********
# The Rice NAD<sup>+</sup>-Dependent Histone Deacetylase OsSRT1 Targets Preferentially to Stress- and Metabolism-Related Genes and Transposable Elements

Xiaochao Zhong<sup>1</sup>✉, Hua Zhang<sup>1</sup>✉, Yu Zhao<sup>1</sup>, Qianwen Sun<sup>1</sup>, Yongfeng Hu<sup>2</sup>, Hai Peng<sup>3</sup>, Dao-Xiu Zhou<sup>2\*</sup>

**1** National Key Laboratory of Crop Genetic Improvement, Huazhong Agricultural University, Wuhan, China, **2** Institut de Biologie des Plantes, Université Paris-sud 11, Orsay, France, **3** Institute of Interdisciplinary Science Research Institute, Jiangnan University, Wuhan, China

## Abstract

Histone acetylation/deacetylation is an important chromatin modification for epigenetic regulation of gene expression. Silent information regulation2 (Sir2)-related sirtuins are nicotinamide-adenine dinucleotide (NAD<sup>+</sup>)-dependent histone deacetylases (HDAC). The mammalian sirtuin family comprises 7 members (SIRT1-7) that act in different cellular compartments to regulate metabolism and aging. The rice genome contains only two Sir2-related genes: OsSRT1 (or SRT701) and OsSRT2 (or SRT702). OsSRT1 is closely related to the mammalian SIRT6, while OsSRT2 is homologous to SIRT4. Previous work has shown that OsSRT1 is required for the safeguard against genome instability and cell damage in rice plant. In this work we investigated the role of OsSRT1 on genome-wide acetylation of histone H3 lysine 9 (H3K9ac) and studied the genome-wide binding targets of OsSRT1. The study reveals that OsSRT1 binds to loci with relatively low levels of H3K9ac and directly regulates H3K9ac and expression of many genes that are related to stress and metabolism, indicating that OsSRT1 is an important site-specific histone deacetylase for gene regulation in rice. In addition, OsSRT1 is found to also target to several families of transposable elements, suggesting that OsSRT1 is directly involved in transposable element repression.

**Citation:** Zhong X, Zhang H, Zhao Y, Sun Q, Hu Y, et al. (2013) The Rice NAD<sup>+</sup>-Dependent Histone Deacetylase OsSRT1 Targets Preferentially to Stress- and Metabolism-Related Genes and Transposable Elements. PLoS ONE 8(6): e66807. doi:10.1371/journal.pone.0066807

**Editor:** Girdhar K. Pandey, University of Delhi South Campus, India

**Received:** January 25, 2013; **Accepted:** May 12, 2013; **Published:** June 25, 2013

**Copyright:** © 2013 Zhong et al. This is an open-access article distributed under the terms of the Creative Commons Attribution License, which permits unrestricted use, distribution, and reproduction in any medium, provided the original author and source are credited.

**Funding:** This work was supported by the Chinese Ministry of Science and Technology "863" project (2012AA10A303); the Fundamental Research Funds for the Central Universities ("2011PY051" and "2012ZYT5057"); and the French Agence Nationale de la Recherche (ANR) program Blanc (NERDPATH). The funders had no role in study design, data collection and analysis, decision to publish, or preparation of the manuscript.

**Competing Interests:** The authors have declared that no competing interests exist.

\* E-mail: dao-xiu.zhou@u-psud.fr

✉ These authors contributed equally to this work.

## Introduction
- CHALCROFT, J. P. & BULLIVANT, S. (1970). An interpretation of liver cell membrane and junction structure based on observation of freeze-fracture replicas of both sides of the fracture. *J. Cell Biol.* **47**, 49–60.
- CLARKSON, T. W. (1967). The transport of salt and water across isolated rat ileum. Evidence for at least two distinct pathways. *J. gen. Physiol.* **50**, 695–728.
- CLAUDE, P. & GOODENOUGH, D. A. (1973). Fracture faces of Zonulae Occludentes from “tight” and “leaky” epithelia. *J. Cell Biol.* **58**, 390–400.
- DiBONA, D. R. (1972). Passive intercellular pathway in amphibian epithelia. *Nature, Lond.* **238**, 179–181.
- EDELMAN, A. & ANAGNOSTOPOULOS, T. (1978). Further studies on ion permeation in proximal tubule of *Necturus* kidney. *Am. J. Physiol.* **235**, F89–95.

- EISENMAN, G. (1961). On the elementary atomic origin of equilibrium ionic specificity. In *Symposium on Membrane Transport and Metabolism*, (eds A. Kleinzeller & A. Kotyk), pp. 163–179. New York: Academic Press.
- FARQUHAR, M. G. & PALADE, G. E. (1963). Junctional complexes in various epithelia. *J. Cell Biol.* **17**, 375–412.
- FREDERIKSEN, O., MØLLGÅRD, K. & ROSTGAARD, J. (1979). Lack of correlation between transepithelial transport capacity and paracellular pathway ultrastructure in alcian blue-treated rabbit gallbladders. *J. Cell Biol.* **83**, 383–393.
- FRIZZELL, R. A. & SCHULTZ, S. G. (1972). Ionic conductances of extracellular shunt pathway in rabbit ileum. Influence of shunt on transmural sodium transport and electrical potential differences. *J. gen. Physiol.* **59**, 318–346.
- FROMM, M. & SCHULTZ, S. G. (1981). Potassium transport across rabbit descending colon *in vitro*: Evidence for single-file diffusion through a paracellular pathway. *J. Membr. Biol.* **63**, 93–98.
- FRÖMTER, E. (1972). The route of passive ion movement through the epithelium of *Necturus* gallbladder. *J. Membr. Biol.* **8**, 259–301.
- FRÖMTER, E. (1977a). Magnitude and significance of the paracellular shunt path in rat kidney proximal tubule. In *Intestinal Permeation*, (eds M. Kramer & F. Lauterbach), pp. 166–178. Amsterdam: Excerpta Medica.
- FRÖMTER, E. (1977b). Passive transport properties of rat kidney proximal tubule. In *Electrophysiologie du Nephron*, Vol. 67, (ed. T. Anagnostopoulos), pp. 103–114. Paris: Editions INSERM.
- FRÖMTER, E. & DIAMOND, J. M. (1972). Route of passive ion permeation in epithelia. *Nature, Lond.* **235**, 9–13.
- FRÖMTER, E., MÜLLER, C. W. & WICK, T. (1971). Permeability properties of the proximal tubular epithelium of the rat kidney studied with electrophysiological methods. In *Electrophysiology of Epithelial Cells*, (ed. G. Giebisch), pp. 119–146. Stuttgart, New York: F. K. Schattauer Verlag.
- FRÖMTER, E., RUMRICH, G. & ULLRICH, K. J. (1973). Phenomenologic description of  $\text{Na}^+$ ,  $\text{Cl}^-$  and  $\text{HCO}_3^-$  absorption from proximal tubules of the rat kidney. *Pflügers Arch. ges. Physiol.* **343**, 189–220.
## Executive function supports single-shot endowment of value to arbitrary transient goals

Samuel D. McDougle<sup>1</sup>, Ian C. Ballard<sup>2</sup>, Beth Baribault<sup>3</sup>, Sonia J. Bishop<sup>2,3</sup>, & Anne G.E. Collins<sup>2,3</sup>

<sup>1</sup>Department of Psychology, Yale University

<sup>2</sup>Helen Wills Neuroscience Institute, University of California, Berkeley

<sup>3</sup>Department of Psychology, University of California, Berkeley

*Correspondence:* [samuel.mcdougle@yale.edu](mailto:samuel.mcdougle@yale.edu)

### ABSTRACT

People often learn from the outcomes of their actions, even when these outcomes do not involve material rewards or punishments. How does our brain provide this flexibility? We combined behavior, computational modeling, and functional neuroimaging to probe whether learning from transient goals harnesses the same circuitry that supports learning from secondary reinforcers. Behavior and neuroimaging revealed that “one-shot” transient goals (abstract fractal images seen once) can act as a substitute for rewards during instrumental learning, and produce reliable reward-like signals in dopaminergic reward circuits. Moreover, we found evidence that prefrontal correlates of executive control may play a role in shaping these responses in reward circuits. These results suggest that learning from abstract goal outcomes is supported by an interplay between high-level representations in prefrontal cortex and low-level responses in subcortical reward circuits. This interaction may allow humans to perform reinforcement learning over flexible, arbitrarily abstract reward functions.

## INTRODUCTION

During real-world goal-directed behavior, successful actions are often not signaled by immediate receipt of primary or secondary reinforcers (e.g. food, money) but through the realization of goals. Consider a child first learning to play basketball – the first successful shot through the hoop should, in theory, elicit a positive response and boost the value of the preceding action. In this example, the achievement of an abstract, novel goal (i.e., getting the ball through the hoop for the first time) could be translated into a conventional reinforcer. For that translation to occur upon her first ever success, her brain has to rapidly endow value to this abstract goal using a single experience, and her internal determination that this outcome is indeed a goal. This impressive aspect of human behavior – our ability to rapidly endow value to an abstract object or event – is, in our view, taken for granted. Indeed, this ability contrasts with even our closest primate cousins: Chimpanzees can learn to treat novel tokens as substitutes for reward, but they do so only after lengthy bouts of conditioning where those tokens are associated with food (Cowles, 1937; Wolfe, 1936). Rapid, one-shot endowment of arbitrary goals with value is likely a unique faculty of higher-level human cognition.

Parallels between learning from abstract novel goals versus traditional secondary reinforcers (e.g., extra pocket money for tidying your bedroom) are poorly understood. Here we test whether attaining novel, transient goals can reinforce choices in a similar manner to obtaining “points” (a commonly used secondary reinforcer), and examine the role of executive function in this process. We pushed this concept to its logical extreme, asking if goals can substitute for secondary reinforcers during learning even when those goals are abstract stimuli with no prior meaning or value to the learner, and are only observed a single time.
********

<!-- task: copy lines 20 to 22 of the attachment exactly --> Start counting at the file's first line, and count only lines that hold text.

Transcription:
- EISENMAN, G. (1961). On the elementary atomic origin of equilibrium ionic specificity. In *Symposium on Membrane Transport and Metabolism*, (eds A. Kleinzeller & A. Kotyk), pp. 163–179. New York: Academic Press.
- FARQUHAR, M. G. & PALADE, G. E. (1963). Junctional complexes in various epithelia. *J. Cell Biol.* **17**, 375–412.
- FREDERIKSEN, O., MØLLGÅRD, K. & ROSTGAARD, J. (1979). Lack of correlation between transepithelial transport capacity and paracellular pathway ultrastructure in alcian blue-treated rabbit gallbladders. *J. Cell Biol.* **83**, 383–393.